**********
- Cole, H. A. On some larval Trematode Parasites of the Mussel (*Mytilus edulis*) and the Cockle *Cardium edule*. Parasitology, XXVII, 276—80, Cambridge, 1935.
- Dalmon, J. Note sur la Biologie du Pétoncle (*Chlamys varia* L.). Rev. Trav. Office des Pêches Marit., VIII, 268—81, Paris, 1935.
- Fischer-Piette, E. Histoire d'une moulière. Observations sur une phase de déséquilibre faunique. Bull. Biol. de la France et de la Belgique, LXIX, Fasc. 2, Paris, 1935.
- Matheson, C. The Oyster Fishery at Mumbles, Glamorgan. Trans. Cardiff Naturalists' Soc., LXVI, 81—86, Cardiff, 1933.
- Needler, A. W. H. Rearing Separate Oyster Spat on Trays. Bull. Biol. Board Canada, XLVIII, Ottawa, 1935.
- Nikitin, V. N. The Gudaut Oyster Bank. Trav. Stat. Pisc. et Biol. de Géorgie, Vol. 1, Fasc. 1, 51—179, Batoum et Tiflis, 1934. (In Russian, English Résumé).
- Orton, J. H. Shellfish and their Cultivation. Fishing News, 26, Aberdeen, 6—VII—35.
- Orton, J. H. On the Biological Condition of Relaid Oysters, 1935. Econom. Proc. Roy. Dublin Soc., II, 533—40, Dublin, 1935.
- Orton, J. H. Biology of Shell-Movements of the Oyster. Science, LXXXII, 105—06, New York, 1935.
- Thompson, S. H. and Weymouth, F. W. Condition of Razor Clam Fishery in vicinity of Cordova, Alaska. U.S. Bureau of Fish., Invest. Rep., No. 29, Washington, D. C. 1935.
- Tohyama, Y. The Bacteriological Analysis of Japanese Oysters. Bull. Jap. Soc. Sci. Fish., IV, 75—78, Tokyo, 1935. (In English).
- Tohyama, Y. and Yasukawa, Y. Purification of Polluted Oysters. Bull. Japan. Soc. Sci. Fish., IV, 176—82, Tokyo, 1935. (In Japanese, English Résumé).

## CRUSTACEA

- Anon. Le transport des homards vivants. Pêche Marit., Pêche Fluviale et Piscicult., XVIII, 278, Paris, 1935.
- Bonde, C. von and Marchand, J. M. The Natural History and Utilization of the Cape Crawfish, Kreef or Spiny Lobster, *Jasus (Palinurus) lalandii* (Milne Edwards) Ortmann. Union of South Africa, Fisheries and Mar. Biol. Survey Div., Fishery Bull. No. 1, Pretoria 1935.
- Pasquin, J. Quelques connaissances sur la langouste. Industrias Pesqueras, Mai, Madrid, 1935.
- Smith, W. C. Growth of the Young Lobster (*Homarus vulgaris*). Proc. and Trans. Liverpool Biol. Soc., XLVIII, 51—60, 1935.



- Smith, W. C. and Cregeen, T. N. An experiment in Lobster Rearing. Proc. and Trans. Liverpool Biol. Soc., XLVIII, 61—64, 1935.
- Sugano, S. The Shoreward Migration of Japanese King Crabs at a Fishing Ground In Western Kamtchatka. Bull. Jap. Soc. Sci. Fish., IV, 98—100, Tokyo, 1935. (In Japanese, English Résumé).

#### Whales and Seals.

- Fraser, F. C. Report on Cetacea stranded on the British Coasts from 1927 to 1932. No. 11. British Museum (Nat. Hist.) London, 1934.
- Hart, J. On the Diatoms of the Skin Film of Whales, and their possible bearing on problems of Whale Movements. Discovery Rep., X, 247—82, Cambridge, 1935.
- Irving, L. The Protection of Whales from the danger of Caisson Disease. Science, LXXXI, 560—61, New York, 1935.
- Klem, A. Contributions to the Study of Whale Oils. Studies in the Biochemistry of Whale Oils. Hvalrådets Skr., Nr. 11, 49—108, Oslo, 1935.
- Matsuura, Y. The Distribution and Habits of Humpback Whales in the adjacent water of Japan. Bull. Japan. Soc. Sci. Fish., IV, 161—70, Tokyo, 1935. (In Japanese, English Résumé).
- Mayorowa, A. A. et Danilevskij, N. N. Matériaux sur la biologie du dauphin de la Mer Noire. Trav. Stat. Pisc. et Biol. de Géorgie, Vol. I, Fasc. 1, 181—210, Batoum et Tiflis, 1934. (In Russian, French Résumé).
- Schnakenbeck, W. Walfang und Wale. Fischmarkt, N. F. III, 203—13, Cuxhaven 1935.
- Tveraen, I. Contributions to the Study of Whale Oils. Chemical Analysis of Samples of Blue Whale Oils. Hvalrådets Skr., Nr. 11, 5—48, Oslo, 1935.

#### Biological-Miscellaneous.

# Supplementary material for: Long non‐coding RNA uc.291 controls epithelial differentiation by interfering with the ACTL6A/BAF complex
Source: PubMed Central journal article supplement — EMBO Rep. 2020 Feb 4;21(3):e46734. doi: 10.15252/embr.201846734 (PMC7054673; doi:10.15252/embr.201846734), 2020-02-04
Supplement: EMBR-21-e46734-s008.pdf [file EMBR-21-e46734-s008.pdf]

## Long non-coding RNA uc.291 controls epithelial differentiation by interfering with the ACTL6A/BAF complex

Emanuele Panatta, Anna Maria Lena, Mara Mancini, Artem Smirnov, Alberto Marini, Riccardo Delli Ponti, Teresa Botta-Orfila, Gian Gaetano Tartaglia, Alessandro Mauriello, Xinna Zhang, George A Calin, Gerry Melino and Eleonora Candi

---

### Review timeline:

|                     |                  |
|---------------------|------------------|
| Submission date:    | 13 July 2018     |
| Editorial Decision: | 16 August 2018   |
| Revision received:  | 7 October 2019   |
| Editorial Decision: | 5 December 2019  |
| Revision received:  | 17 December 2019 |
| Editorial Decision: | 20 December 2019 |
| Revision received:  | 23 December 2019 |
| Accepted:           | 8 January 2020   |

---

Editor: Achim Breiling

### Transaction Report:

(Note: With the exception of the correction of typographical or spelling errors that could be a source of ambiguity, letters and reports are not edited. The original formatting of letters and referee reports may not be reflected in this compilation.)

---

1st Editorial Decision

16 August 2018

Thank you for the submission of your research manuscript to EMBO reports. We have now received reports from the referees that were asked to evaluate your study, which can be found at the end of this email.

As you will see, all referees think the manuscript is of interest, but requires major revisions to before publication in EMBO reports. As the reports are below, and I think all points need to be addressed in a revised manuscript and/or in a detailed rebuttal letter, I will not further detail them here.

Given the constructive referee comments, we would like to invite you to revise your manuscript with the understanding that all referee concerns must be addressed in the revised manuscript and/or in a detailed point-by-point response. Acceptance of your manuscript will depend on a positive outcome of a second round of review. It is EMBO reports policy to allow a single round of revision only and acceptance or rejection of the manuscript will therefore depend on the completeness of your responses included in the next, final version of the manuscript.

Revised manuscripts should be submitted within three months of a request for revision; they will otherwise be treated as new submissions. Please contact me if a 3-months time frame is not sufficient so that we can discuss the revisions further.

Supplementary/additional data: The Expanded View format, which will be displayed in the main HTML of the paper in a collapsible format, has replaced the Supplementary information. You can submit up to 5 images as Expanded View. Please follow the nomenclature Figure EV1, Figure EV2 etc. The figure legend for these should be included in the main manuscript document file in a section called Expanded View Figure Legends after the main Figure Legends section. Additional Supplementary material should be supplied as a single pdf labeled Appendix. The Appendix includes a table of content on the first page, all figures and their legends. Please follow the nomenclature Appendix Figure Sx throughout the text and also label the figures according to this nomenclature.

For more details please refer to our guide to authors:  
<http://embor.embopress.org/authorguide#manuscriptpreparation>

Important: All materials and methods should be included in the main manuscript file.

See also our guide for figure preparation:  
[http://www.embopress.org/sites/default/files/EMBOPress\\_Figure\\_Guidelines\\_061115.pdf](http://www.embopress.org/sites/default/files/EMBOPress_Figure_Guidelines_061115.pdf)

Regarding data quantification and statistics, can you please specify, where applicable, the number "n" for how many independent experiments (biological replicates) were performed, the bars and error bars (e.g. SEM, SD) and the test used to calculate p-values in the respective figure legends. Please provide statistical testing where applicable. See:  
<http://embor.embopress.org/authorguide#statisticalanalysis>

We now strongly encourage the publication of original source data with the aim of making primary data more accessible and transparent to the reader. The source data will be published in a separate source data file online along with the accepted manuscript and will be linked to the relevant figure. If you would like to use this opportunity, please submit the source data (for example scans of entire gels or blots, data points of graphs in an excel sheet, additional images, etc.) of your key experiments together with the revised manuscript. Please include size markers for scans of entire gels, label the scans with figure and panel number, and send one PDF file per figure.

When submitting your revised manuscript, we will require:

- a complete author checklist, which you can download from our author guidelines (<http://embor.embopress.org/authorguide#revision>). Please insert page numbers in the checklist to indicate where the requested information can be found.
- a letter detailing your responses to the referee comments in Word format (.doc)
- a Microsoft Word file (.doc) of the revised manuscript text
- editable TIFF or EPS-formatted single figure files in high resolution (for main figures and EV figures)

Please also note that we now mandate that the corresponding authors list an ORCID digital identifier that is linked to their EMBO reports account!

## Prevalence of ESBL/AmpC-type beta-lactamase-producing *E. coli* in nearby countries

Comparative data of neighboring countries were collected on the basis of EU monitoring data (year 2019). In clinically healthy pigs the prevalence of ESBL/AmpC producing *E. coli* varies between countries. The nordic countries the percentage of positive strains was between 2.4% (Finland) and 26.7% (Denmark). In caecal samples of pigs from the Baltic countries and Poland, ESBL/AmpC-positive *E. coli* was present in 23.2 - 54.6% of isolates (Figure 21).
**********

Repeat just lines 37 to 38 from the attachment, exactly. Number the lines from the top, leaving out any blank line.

|                     |                  |
|---------------------|------------------|